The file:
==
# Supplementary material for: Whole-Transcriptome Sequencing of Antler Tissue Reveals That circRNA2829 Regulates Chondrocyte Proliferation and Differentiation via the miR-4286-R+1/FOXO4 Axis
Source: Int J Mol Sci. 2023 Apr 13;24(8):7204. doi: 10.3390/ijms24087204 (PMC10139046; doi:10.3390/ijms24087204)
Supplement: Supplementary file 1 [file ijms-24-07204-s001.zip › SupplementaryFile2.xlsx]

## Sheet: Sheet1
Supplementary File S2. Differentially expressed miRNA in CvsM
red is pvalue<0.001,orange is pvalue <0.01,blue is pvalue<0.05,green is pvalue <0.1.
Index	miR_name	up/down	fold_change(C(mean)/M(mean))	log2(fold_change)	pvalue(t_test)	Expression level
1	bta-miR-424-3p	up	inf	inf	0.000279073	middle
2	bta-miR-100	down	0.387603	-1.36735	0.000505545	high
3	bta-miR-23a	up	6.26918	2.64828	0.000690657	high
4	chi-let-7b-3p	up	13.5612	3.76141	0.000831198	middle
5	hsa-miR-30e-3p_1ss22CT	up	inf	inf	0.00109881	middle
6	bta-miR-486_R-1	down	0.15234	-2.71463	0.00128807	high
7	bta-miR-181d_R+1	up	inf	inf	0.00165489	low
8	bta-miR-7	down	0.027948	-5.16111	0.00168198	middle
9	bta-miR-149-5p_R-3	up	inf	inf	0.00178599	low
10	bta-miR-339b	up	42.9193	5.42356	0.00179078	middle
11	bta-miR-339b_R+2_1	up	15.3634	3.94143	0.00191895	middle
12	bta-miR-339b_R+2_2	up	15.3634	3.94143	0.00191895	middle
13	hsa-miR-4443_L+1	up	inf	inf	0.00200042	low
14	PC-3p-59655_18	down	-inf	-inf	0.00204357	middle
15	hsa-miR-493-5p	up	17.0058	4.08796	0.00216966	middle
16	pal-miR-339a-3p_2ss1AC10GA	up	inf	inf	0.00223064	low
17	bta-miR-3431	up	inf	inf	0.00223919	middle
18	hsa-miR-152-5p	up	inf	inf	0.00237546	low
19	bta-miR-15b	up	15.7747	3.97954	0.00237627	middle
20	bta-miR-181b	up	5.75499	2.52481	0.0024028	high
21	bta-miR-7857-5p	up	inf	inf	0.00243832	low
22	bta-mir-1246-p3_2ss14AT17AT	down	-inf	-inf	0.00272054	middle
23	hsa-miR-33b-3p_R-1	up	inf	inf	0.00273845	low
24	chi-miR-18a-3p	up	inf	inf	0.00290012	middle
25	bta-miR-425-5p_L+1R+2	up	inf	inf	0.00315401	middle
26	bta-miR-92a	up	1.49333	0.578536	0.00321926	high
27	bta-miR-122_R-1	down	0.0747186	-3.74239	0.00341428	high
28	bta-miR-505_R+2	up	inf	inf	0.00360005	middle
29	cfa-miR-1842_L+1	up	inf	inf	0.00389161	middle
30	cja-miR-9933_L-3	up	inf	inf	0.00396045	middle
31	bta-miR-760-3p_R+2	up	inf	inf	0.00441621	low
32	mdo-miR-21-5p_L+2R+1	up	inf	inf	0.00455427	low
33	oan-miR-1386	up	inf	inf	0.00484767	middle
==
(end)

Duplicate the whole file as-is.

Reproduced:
# Supplementary material for: Whole-Transcriptome Sequencing of Antler Tissue Reveals That circRNA2829 Regulates Chondrocyte Proliferation and Differentiation via the miR-4286-R+1/FOXO4 Axis
Source: Int J Mol Sci. 2023 Apr 13;24(8):7204. doi: 10.3390/ijms24087204 (PMC10139046; doi:10.3390/ijms24087204)
Supplement: Supplementary file 1 [file ijms-24-07204-s001.zip › SupplementaryFile2.xlsx]

## Sheet: Sheet1
Supplementary File S2. Differentially expressed miRNA in CvsM
red is pvalue<0.001,orange is pvalue <0.01,blue is pvalue<0.05,green is pvalue <0.1.
Index	miR_name	up/down	fold_change(C(mean)/M(mean))	log2(fold_change)	pvalue(t_test)	Expression level
1	bta-miR-424-3p	up	inf	inf	0.000279073	middle
2	bta-miR-100	down	0.387603	-1.36735	0.000505545	high
3	bta-miR-23a	up	6.26918	2.64828	0.000690657	high
4	chi-let-7b-3p	up	13.5612	3.76141	0.000831198	middle
5	hsa-miR-30e-3p_1ss22CT	up	inf	inf	0.00109881	middle
6	bta-miR-486_R-1	down	0.15234	-2.71463	0.00128807	high
7	bta-miR-181d_R+1	up	inf	inf	0.00165489	low
8	bta-miR-7	down	0.027948	-5.16111	0.00168198	middle
9	bta-miR-149-5p_R-3	up	inf	inf	0.00178599	low
10	bta-miR-339b	up	42.9193	5.42356	0.00179078	middle
11	bta-miR-339b_R+2_1	up	15.3634	3.94143	0.00191895	middle
12	bta-miR-339b_R+2_2	up	15.3634	3.94143	0.00191895	middle
13	hsa-miR-4443_L+1	up	inf	inf	0.00200042	low
14	PC-3p-59655_18	down	-inf	-inf	0.00204357	middle
15	hsa-miR-493-5p	up	17.0058	4.08796	0.00216966	middle
16	pal-miR-339a-3p_2ss1AC10GA	up	inf	inf	0.00223064	low
17	bta-miR-3431	up	inf	inf	0.00223919	middle
18	hsa-miR-152-5p	up	inf	inf	0.00237546	low
19	bta-miR-15b	up	15.7747	3.97954	0.00237627	middle
20	bta-miR-181b	up	5.75499	2.52481	0.0024028	high
21	bta-miR-7857-5p	up	inf	inf	0.00243832	low
22	bta-mir-1246-p3_2ss14AT17AT	down	-inf	-inf	0.00272054	middle
23	hsa-miR-33b-3p_R-1	up	inf	inf	0.00273845	low
24	chi-miR-18a-3p	up	inf	inf	0.00290012	middle
25	bta-miR-425-5p_L+1R+2	up	inf	inf	0.00315401	middle
26	bta-miR-92a	up	1.49333	0.578536	0.00321926	high
27	bta-miR-122_R-1	down	0.0747186	-3.74239	0.00341428	high
28	bta-miR-505_R+2	up	inf	inf	0.00360005	middle
29	cfa-miR-1842_L+1	up	inf	inf	0.00389161	middle
30	cja-miR-9933_L-3	up	inf	inf	0.00396045	middle
31	bta-miR-760-3p_R+2	up	inf	inf	0.00441621	low
32	mdo-miR-21-5p_L+2R+1	up	inf	inf	0.00455427	low
33	oan-miR-1386	up	inf	inf	0.00484767	middle